The function of flexible furniture
Flexible seating and kinetic furniture are more examples of tools teachers can use to reduce anxiety escalation in students. Teachers can alter the arrangement, create diverse activity areas and provide for groups of varied sizes. Triangular or trapezoid-shaped desks can aid adaptability, allowing teachers to quickly rearrange a space to meet unique and separate needs. Also consider providing informal options such as stability balls, bean bags, and standing stations to add to the malleability of the environment, whether in classrooms, cafeterias, learning labs, resource centers, or breakout spaces.
Staff and partners matter
It is important to inform all staff of these measures. There will be more buy-in and less push-back if staff members understand why the measures are important. For examples, explaining to the maintenance team why tape or other types of pattern-forming substances are applied to floors can reduce frustration and competing ideals.
The Appleton Area School District joined forces with local mental health agencies for district-wide mental health screenings for students in the third, ninth, and 11th grades.
Students aren’t the only ones whose positive mental health we should strive to maintain. There is a growing trend to create regulation spaces for teachers and other adults, including allowing them to “tap out” or remove themselves from a situation by using adult regulation stations.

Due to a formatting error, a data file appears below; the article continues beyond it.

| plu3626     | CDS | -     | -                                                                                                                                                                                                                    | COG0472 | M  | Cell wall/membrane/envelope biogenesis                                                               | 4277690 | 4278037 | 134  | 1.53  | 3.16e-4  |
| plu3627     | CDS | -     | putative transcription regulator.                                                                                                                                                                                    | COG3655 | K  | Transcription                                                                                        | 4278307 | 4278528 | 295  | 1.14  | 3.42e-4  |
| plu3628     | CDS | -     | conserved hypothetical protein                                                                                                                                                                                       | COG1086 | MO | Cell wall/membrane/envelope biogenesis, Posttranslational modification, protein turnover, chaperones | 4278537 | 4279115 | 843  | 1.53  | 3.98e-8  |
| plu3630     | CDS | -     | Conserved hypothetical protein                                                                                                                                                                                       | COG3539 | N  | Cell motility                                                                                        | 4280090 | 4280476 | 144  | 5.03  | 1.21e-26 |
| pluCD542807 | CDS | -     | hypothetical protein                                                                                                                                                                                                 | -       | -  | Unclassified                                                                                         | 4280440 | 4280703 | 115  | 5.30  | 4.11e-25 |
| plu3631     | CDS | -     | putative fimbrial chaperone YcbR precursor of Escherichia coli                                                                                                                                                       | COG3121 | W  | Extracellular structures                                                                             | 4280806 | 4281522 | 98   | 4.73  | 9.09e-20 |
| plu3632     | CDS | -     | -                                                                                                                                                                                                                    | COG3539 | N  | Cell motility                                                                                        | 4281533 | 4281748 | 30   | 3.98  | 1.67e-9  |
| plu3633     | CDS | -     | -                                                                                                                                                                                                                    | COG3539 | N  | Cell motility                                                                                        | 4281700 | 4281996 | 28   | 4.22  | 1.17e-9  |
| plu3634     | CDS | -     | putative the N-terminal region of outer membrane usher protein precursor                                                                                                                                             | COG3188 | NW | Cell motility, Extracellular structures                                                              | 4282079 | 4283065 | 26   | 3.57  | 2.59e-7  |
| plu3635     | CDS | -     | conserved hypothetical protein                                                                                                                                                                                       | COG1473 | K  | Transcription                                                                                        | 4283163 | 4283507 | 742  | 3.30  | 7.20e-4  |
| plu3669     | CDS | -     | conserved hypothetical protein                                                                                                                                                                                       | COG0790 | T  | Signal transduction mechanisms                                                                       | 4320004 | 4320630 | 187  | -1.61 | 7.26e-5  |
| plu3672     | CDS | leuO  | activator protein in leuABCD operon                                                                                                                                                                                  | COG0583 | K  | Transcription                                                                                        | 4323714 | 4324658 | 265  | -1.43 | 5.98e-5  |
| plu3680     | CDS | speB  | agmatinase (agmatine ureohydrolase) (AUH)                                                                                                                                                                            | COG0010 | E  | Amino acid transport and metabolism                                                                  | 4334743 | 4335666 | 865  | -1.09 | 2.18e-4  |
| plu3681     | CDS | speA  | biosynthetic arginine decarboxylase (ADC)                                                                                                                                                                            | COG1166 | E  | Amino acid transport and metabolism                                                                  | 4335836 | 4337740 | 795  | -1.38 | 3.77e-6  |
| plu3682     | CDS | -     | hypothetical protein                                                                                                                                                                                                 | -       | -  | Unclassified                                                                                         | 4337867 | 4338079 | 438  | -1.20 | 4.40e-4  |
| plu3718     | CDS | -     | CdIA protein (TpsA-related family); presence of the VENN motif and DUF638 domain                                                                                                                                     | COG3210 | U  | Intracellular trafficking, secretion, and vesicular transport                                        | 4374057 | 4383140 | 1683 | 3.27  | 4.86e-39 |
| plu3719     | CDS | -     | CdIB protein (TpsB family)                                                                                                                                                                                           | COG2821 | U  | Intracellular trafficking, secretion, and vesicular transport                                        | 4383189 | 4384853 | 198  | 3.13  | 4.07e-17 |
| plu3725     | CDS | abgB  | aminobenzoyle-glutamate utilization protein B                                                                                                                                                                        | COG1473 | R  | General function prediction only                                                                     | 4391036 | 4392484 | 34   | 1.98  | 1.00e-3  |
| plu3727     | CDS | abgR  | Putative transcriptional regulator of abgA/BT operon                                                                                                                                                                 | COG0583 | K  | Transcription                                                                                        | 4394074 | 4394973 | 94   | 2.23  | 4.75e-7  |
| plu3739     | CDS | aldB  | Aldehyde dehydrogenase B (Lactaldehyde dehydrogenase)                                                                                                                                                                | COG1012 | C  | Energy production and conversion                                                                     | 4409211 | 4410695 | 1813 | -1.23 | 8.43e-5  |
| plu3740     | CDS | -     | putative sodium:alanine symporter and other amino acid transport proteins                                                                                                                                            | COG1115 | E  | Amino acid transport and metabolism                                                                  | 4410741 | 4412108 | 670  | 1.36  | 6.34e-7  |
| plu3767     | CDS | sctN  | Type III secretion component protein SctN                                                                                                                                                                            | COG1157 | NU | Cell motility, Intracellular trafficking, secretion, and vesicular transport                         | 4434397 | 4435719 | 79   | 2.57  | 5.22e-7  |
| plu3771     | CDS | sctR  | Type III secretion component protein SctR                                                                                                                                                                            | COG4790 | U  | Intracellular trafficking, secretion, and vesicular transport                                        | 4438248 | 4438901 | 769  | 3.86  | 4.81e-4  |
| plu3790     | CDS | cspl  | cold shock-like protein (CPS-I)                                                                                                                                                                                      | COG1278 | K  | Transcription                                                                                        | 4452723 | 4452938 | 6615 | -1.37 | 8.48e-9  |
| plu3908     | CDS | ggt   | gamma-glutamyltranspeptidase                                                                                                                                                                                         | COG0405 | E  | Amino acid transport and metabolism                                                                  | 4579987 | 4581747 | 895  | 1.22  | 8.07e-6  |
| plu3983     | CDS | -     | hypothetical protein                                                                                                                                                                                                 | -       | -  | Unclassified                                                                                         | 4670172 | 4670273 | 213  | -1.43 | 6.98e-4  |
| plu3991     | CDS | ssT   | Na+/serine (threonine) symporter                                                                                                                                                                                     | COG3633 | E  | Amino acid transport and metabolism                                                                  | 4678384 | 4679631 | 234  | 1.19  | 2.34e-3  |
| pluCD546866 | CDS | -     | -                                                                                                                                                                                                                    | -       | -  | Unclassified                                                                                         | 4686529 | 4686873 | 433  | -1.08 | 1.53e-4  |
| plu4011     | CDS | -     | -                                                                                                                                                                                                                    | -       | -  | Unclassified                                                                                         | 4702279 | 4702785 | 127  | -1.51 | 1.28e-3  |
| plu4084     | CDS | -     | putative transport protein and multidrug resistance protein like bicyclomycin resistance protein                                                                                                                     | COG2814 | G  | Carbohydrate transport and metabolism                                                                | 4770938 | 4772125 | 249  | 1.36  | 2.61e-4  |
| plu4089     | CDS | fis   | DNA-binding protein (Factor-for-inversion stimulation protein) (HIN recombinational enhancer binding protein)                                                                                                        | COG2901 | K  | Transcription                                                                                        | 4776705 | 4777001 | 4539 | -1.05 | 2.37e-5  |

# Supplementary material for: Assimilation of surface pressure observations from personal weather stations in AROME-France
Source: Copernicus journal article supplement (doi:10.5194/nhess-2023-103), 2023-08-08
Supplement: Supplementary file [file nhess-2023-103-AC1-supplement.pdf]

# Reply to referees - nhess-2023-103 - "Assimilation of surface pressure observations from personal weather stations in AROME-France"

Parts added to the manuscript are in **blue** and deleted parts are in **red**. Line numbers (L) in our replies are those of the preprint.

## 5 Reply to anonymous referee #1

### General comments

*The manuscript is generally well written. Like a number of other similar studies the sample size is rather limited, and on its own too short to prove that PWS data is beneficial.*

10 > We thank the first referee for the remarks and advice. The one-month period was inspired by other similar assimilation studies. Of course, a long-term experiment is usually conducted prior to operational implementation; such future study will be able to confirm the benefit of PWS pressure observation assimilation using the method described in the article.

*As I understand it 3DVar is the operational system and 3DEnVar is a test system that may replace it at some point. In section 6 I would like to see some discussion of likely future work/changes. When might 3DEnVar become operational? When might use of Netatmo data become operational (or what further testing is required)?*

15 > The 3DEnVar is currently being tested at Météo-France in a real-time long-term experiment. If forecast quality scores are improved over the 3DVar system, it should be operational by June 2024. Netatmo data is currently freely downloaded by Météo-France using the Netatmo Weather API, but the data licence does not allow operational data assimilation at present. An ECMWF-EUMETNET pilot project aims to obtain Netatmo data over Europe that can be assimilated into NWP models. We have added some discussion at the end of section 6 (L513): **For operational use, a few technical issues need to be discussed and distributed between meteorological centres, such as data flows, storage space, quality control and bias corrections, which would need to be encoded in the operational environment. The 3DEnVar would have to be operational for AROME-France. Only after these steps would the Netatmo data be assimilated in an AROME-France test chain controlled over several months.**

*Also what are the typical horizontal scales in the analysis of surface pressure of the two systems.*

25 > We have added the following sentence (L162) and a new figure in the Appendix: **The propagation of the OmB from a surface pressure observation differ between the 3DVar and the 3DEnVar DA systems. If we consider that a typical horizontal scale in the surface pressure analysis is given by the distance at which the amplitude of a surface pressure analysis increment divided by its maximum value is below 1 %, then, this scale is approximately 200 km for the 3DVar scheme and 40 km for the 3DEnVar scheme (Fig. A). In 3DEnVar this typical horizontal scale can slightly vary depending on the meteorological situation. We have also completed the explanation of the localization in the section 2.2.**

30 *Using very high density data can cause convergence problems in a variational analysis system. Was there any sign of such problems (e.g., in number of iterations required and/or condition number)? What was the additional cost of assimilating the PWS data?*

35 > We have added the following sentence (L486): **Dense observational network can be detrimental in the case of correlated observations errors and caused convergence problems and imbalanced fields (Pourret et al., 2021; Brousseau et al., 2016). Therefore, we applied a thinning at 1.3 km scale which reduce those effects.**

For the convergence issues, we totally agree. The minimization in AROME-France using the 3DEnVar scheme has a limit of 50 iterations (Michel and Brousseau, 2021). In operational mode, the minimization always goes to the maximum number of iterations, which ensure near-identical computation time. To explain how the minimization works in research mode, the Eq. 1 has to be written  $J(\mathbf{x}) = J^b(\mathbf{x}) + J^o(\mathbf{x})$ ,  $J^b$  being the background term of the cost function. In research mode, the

Pause and reflect on how you could be the catalyst for helping those who need it most. Be mindful of design, colors, lighting, furniture, staff, and partners as you prepare to build, remodel, or refresh your facility for the coming school year.
Jody Andres, AIA LEED AP, is a senior project architect and the K-12 market leader at Hoffman, Planning, Design & Construction, Inc. Andres is a past president of the American Institute of Architects Wisconsin and the regional representative for the North Central States to the AIA Strategic Council. He has worked with more than 50 school districts on PreK-12 educational facilities, providing needs assessment, planning, programming, and design services. Jody can be reached at firstname.lastname@example.org.
Photos taken by the author depict sensory equipment for students designed, built, and donated by Keyheart Sensory Gyms of Appleton.